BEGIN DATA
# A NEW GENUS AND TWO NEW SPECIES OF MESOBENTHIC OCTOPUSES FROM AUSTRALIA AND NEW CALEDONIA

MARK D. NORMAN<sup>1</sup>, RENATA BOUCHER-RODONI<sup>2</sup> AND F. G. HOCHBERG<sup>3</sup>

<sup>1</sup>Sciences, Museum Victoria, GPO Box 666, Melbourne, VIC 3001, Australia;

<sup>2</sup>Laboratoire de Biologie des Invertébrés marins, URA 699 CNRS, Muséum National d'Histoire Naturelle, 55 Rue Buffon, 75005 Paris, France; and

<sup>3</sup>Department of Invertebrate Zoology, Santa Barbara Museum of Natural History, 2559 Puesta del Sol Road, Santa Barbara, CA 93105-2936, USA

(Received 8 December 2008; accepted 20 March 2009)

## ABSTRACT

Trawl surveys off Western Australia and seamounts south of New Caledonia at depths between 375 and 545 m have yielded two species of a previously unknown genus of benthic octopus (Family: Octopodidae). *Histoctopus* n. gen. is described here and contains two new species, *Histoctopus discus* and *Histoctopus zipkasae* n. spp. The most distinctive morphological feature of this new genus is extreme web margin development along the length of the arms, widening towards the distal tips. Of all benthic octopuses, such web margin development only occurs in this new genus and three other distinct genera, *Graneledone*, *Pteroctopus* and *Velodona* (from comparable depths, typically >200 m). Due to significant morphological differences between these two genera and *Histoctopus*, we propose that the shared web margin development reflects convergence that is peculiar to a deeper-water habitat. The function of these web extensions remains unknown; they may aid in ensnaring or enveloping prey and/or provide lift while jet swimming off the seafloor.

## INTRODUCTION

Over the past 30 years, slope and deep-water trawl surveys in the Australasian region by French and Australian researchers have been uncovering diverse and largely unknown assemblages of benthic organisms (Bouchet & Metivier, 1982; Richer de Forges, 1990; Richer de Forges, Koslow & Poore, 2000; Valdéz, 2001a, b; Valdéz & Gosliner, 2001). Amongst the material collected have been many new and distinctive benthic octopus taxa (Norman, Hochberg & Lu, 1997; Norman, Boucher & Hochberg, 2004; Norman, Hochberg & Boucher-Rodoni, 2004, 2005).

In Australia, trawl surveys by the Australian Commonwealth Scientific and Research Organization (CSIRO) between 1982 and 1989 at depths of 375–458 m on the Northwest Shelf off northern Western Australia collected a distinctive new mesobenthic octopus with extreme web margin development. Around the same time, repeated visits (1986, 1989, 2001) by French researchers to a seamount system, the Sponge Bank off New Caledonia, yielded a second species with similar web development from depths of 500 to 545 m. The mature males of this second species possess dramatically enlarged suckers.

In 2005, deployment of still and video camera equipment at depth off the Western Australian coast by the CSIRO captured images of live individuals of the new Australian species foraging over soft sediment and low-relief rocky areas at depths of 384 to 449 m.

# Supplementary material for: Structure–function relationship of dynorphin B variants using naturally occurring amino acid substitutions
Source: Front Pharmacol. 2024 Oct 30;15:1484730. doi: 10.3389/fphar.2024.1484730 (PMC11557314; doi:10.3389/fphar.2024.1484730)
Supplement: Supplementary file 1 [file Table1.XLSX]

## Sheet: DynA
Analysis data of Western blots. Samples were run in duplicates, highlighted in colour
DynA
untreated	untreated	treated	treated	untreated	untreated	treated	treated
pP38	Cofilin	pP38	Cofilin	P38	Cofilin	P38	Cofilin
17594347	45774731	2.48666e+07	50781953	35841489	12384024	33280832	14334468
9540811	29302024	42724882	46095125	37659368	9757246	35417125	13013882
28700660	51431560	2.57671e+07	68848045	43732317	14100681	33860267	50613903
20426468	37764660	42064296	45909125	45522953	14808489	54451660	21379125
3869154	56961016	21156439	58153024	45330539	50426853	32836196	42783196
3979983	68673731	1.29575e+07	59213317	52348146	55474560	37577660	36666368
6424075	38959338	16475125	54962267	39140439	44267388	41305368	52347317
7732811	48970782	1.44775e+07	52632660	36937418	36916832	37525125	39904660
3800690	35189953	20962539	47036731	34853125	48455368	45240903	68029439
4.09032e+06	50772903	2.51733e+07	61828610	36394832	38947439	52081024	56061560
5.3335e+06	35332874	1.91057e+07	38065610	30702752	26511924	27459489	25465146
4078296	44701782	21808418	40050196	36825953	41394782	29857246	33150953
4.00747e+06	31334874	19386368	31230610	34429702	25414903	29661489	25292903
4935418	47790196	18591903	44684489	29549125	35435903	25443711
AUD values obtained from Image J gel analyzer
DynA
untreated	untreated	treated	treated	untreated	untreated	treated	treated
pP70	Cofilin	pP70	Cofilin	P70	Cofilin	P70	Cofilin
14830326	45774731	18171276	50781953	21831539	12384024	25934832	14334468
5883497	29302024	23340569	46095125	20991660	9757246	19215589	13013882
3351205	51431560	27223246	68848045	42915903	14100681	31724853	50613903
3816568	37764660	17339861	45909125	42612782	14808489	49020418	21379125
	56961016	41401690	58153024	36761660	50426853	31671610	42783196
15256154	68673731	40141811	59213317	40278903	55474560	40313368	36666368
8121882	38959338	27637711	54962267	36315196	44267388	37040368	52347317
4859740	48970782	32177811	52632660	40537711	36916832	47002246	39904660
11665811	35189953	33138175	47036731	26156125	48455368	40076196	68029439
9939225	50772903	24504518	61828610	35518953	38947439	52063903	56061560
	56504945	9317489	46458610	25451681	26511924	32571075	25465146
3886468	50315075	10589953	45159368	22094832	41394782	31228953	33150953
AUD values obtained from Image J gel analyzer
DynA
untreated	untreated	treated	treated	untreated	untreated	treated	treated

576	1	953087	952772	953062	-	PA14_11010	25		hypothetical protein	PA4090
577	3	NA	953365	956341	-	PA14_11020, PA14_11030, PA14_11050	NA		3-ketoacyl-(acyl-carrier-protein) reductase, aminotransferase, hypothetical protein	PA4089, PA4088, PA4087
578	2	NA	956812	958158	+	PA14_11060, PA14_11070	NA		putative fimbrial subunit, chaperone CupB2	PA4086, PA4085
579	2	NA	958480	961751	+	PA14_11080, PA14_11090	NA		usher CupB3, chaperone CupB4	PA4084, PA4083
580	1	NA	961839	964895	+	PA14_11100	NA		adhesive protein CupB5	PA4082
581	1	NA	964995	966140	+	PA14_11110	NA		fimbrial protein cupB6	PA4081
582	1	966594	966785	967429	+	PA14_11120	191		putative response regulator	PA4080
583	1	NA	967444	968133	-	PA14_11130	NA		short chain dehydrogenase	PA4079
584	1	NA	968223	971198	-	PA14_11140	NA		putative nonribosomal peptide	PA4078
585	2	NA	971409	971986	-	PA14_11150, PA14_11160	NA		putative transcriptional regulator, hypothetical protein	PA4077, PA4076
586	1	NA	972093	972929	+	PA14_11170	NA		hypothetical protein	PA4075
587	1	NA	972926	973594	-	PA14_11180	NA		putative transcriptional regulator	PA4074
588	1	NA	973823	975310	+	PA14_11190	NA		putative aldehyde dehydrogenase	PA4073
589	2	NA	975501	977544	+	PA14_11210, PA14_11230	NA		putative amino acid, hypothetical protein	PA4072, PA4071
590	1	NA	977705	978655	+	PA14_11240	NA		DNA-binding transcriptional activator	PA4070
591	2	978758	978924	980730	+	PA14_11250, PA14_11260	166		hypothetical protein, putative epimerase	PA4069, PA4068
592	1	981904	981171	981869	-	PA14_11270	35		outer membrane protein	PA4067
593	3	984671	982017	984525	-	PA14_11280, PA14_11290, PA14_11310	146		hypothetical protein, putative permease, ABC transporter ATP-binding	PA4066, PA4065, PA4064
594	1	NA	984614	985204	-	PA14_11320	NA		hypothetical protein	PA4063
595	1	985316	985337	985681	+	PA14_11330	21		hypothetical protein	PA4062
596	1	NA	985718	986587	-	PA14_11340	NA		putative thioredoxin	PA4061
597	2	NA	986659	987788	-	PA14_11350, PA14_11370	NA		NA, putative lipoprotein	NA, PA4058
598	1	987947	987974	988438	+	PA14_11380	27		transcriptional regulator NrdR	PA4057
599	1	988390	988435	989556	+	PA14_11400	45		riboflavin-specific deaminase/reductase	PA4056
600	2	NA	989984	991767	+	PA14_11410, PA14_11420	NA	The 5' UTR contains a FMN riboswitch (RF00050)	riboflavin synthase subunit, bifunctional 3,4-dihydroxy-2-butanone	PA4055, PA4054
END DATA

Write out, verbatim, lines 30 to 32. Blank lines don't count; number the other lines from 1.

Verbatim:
4.09032e+06	50772903	2.51733e+07	61828610	36394832	38947439	52081024	56061560
5.3335e+06	35332874	1.91057e+07	38065610	30702752	26511924	27459489	25465146
4078296	44701782	21808418	40050196	36825953	41394782	29857246	33150953